Sharing culture with University of Michigan students
September 29, 2010 - Independence Township resident Jose Aliaga, was able to return to his native country of Peru this past summer to promote more "good will of America to the Peruvian people" through the Aliaga Foundation.
|From left, Jose Aliaga, Hilary Walker, Jose Barrios, vice president of Continential University, Lea Christensen and Tobias Lerke. Photo provided (click for larger version)|
This time he brought three students from the University of Michigan Flint with him.
"The students came with me as volunteers, they believe in what we do and wanted to help out," Aliaga said. "We had a lot of help from Richard Aztalos a board member of Aliaga Foundation, who helped us greatly in setting up the trip."
Two of the students Lea Christensen, and Hilary Walker are studying to be Spanish teachers, so the trip gave them opportunity to practice the language. Tobias Lerke is studying to be a microbiologist.
"At some of the schools we visited they got to teach both English and Spanish to the kids," Aliaga said. "Tobias got to speak at one of the universities we visited."
Aliaga said they visited three universities: the Universidad Nacional Enrique Guzman y Valle, Universidad Nacional de Centro, and Universidad Continental de Huancayo. All of which signed agreements between them and American universities including Wayne State University, and Schoolcraft College.
"Universidad Nacional de Centro where they sign agreement with Wayne State was really impressive university, but also they make a nice ceremony for us, Aliaga said. "They let us sing the U.S. National Anthem and present our flag. It was really formal."
The agreements signed between the schools, not only help Peruvian students come to America to study, but also send American students to Peru's universities. Aliaga said the tuition at one school is $40 per month and another is $20 the whole semester.
"So if you go there to take Spanish, you get food for free, house for free and pay $20 for the whole semester and you get experience to practice the language everyday as well as experience the culture," he said. "You comeback to America and you have a big savings and your Spanish is probably much better."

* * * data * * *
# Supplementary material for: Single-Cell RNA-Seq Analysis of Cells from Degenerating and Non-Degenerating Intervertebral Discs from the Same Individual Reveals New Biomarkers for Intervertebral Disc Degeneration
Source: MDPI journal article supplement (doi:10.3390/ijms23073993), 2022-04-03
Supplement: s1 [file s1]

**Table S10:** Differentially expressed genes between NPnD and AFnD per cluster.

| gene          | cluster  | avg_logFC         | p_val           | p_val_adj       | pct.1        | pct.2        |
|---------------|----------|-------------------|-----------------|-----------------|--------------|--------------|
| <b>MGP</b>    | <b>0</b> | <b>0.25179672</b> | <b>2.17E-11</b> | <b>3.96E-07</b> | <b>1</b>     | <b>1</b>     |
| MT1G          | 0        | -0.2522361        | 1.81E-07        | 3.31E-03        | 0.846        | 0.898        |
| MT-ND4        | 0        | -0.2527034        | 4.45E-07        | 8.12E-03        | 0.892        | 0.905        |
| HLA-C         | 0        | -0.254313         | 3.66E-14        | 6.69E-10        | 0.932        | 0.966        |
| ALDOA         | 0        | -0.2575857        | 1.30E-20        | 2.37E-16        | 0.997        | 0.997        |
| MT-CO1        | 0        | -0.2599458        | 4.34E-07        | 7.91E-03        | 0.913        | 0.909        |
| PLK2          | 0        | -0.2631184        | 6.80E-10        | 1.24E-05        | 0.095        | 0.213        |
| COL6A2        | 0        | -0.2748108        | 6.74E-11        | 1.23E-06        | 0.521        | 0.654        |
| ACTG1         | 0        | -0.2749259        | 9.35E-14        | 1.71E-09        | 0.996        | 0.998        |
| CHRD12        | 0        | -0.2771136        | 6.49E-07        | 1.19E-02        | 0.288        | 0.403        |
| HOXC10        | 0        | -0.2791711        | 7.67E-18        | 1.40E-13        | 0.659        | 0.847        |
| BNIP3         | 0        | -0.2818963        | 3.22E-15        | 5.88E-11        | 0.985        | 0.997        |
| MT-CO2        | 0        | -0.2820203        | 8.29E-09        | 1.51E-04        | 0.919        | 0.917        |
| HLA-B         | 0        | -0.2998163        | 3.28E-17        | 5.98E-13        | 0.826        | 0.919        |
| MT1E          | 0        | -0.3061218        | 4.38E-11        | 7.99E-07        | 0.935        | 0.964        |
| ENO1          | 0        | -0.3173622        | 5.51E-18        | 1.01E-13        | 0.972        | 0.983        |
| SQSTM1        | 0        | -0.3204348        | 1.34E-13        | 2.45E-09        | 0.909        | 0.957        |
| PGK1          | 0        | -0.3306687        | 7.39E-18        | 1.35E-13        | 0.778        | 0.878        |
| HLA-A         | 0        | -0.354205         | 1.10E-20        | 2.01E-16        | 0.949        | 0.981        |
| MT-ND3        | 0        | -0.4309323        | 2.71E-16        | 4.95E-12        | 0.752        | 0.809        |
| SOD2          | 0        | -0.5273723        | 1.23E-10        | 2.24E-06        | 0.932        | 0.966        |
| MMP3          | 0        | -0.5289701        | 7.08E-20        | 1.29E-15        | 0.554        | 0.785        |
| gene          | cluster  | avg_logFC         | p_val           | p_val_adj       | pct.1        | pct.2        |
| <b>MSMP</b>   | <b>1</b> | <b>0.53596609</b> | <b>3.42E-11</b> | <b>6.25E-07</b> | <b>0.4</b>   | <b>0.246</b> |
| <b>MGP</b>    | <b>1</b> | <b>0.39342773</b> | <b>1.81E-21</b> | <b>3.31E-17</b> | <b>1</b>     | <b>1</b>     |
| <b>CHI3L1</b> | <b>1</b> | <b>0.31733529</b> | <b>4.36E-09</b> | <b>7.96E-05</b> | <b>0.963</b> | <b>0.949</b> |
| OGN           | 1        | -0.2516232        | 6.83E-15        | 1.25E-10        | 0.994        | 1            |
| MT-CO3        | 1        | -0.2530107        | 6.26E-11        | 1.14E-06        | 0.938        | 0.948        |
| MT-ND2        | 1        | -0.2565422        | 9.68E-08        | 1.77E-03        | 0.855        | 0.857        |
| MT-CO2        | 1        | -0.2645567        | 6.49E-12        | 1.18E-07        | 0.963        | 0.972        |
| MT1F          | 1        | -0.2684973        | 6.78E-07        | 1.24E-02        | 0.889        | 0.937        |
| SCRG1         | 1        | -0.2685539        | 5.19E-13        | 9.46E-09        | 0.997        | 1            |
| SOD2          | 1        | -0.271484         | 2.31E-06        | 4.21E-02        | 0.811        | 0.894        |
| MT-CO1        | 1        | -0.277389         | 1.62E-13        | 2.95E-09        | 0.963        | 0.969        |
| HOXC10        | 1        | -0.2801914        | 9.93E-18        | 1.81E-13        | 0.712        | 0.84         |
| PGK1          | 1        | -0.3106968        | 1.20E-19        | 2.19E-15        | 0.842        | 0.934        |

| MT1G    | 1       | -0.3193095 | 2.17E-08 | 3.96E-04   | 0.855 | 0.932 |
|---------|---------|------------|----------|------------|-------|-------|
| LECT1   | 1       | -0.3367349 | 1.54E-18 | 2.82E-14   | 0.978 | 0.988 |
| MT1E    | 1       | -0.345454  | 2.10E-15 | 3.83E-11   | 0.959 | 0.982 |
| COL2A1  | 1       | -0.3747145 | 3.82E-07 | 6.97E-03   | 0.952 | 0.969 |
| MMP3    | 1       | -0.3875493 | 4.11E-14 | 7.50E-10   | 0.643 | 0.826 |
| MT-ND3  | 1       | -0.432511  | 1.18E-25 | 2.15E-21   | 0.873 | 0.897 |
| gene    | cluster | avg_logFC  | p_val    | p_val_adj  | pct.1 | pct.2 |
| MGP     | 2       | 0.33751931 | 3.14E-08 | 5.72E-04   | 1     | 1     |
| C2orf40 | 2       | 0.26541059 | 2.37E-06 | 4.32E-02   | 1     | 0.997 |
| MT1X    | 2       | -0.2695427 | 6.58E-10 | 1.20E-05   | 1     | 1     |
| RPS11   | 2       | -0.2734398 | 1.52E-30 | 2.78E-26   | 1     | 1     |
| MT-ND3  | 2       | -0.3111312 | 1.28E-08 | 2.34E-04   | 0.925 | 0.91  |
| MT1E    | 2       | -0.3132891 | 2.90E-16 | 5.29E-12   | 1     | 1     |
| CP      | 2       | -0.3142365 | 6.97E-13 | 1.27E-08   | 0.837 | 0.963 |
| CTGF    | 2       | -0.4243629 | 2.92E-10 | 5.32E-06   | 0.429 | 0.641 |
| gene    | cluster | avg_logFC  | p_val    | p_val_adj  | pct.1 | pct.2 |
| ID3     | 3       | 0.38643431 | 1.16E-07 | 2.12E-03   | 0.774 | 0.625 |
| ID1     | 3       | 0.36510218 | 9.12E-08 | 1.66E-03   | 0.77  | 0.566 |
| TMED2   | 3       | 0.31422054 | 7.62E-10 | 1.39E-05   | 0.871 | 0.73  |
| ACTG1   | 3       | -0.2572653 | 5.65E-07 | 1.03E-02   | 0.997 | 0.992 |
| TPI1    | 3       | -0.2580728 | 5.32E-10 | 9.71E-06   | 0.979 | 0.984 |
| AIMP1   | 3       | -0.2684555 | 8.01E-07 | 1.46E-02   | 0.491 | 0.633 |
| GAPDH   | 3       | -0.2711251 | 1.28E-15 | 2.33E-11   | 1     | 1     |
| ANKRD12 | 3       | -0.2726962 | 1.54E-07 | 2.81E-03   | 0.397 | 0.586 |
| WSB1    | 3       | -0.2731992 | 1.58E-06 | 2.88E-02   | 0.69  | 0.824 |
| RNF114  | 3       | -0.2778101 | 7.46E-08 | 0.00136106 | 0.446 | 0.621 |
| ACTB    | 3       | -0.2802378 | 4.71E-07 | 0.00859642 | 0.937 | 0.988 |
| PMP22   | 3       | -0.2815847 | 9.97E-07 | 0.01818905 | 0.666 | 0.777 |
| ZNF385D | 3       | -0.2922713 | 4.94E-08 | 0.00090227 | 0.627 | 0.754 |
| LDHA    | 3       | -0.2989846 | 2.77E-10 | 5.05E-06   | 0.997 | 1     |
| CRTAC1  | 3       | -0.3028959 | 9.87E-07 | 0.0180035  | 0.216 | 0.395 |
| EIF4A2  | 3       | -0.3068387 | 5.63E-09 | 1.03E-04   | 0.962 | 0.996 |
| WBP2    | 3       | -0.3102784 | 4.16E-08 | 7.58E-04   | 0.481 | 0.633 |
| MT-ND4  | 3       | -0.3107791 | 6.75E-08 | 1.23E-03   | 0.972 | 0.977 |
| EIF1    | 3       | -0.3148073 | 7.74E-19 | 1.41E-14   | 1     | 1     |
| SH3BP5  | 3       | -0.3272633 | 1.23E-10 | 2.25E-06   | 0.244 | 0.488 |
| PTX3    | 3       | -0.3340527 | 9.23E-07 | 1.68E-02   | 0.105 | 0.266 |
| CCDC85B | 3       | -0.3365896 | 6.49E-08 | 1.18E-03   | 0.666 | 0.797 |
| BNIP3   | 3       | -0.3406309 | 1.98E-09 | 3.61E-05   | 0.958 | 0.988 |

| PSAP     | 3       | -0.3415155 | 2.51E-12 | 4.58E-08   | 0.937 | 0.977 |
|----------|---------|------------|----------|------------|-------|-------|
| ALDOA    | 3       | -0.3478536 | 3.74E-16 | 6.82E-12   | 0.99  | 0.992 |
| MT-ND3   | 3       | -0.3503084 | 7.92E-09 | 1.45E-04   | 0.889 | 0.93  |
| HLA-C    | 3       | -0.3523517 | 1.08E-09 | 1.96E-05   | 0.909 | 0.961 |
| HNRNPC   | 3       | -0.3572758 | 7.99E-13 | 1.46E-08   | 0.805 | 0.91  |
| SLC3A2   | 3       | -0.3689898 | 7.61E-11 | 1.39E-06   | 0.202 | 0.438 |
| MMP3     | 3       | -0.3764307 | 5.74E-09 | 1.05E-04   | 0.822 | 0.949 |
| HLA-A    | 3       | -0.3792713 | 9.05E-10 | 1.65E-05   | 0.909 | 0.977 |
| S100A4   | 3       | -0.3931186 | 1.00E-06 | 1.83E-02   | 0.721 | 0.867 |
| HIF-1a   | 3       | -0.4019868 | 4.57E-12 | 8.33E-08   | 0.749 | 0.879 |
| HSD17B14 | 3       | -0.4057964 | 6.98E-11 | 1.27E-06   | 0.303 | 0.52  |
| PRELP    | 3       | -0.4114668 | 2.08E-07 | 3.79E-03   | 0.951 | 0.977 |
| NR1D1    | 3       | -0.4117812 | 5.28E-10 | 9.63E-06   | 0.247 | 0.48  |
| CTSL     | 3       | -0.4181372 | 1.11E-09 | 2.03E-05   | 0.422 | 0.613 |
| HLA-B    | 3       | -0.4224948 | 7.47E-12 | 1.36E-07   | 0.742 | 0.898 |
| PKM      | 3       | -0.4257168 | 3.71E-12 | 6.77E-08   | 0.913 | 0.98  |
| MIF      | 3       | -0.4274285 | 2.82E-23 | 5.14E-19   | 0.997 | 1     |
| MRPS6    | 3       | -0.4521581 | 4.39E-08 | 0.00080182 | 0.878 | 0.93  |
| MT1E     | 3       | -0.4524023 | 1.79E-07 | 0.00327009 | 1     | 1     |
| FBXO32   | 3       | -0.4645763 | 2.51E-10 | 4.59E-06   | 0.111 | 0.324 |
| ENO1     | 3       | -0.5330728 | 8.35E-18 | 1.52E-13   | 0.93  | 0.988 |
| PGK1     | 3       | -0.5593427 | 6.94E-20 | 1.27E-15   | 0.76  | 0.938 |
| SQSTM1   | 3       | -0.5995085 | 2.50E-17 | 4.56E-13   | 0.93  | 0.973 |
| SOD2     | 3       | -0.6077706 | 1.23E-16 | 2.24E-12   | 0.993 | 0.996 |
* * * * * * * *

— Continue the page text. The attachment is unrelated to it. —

While visiting some of the local schools Aliaga along with the students passed out notebooks, pencils and t-shirts to the kids. Some schools only have one pencil for the entire class to use. Aliaga said "education is the key to have a better economy in the future."
"Maybe Peru or the world is missing a great doctor, a great scientist or a great professor, somebody who could change the world, but we're missing them because we didn't give them opportunity to reach it," he said. "When you visit these places you can see it in their eyes. They see its American people that are giving them opportunity."
Aliaga and the students also visited many of the poor villages that were out in the Jungles
"Some of the places were like five hours and no roads to get there," he said. "Just to see what's going on and what we can do for them."
Aliaga said they were able to provide fresh drinking water and promote taking care of the environment and with large barrels for various contaminated trash.
He said they even came across an all German Village, where the kids had blonde hair, and spoke both German and Spanish.
"I was really surprised to see in the jungle of Peru a German village," Aliaga said. "They keep their culture and traditions by style of clothing and homes."
Over all Aliaga said it was a good trip, but he hopes next year to spread what the Aliaga Foundation is doing to other countries such as Bolivia, Ecuador, Argentina, and some day maybe Mexico.
"We want to help bridge not only between schools, but bridge between two cultures."
Trevor graduated with degrees in English and communications from Rochester College. He wrote for his college and LA View newspapers before joining The Clarkston News in May 2007.